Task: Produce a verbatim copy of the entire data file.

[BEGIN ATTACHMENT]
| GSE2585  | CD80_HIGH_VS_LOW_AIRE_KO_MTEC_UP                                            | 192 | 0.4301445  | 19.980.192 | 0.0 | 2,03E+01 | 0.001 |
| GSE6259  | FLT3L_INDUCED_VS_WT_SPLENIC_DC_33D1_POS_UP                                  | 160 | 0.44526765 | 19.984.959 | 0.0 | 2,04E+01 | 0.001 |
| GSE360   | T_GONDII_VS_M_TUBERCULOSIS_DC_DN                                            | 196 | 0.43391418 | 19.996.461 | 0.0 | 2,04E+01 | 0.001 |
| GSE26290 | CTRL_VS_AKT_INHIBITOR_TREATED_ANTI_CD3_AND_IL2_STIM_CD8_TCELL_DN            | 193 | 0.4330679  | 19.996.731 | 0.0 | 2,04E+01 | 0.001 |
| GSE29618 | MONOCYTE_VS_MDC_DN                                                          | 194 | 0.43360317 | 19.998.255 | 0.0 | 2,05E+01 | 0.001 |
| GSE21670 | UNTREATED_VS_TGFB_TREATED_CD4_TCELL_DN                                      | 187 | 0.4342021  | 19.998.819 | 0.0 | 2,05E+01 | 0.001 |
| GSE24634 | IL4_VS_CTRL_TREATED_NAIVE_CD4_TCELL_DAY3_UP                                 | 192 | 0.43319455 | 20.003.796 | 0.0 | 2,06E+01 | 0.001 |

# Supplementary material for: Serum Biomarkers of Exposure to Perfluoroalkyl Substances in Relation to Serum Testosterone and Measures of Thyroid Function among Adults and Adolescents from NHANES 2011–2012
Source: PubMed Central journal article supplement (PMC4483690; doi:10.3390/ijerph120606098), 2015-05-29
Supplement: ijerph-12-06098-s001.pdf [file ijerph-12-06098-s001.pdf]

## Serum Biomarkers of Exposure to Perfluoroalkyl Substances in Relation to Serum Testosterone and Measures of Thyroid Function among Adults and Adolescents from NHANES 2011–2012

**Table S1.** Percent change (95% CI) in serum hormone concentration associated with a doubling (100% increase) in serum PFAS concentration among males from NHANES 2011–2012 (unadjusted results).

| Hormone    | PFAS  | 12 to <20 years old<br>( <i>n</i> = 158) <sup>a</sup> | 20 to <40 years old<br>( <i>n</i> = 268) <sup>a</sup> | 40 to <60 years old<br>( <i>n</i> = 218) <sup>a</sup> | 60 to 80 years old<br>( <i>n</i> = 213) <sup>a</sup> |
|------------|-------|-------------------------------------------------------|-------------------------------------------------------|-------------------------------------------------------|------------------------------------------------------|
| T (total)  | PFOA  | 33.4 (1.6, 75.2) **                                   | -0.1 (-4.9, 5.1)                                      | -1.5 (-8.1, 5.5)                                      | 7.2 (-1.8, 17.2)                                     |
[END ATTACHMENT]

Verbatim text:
| GSE2585  | CD80_HIGH_VS_LOW_AIRE_KO_MTEC_UP                                            | 192 | 0.4301445  | 19.980.192 | 0.0 | 2,03E+01 | 0.001 |
| GSE6259  | FLT3L_INDUCED_VS_WT_SPLENIC_DC_33D1_POS_UP                                  | 160 | 0.44526765 | 19.984.959 | 0.0 | 2,04E+01 | 0.001 |
| GSE360   | T_GONDII_VS_M_TUBERCULOSIS_DC_DN                                            | 196 | 0.43391418 | 19.996.461 | 0.0 | 2,04E+01 | 0.001 |
| GSE26290 | CTRL_VS_AKT_INHIBITOR_TREATED_ANTI_CD3_AND_IL2_STIM_CD8_TCELL_DN            | 193 | 0.4330679  | 19.996.731 | 0.0 | 2,04E+01 | 0.001 |
| GSE29618 | MONOCYTE_VS_MDC_DN                                                          | 194 | 0.43360317 | 19.998.255 | 0.0 | 2,05E+01 | 0.001 |
| GSE21670 | UNTREATED_VS_TGFB_TREATED_CD4_TCELL_DN                                      | 187 | 0.4342021  | 19.998.819 | 0.0 | 2,05E+01 | 0.001 |
| GSE24634 | IL4_VS_CTRL_TREATED_NAIVE_CD4_TCELL_DAY3_UP                                 | 192 | 0.43319455 | 20.003.796 | 0.0 | 2,06E+01 | 0.001 |

# Supplementary material for: Serum Biomarkers of Exposure to Perfluoroalkyl Substances in Relation to Serum Testosterone and Measures of Thyroid Function among Adults and Adolescents from NHANES 2011–2012
Source: PubMed Central journal article supplement (PMC4483690; doi:10.3390/ijerph120606098), 2015-05-29
Supplement: ijerph-12-06098-s001.pdf [file ijerph-12-06098-s001.pdf]

## Serum Biomarkers of Exposure to Perfluoroalkyl Substances in Relation to Serum Testosterone and Measures of Thyroid Function among Adults and Adolescents from NHANES 2011–2012

**Table S1.** Percent change (95% CI) in serum hormone concentration associated with a doubling (100% increase) in serum PFAS concentration among males from NHANES 2011–2012 (unadjusted results).

| Hormone    | PFAS  | 12 to <20 years old<br>( <i>n</i> = 158) <sup>a</sup> | 20 to <40 years old<br>( <i>n</i> = 268) <sup>a</sup> | 40 to <60 years old<br>( <i>n</i> = 218) <sup>a</sup> | 60 to 80 years old<br>( <i>n</i> = 213) <sup>a</sup> |
|------------|-------|-------------------------------------------------------|-------------------------------------------------------|-------------------------------------------------------|------------------------------------------------------|
| T (total)  | PFOA  | 33.4 (1.6, 75.2) **                                   | -0.1 (-4.9, 5.1)                                      | -1.5 (-8.1, 5.5)                                      | 7.2 (-1.8, 17.2)                                     |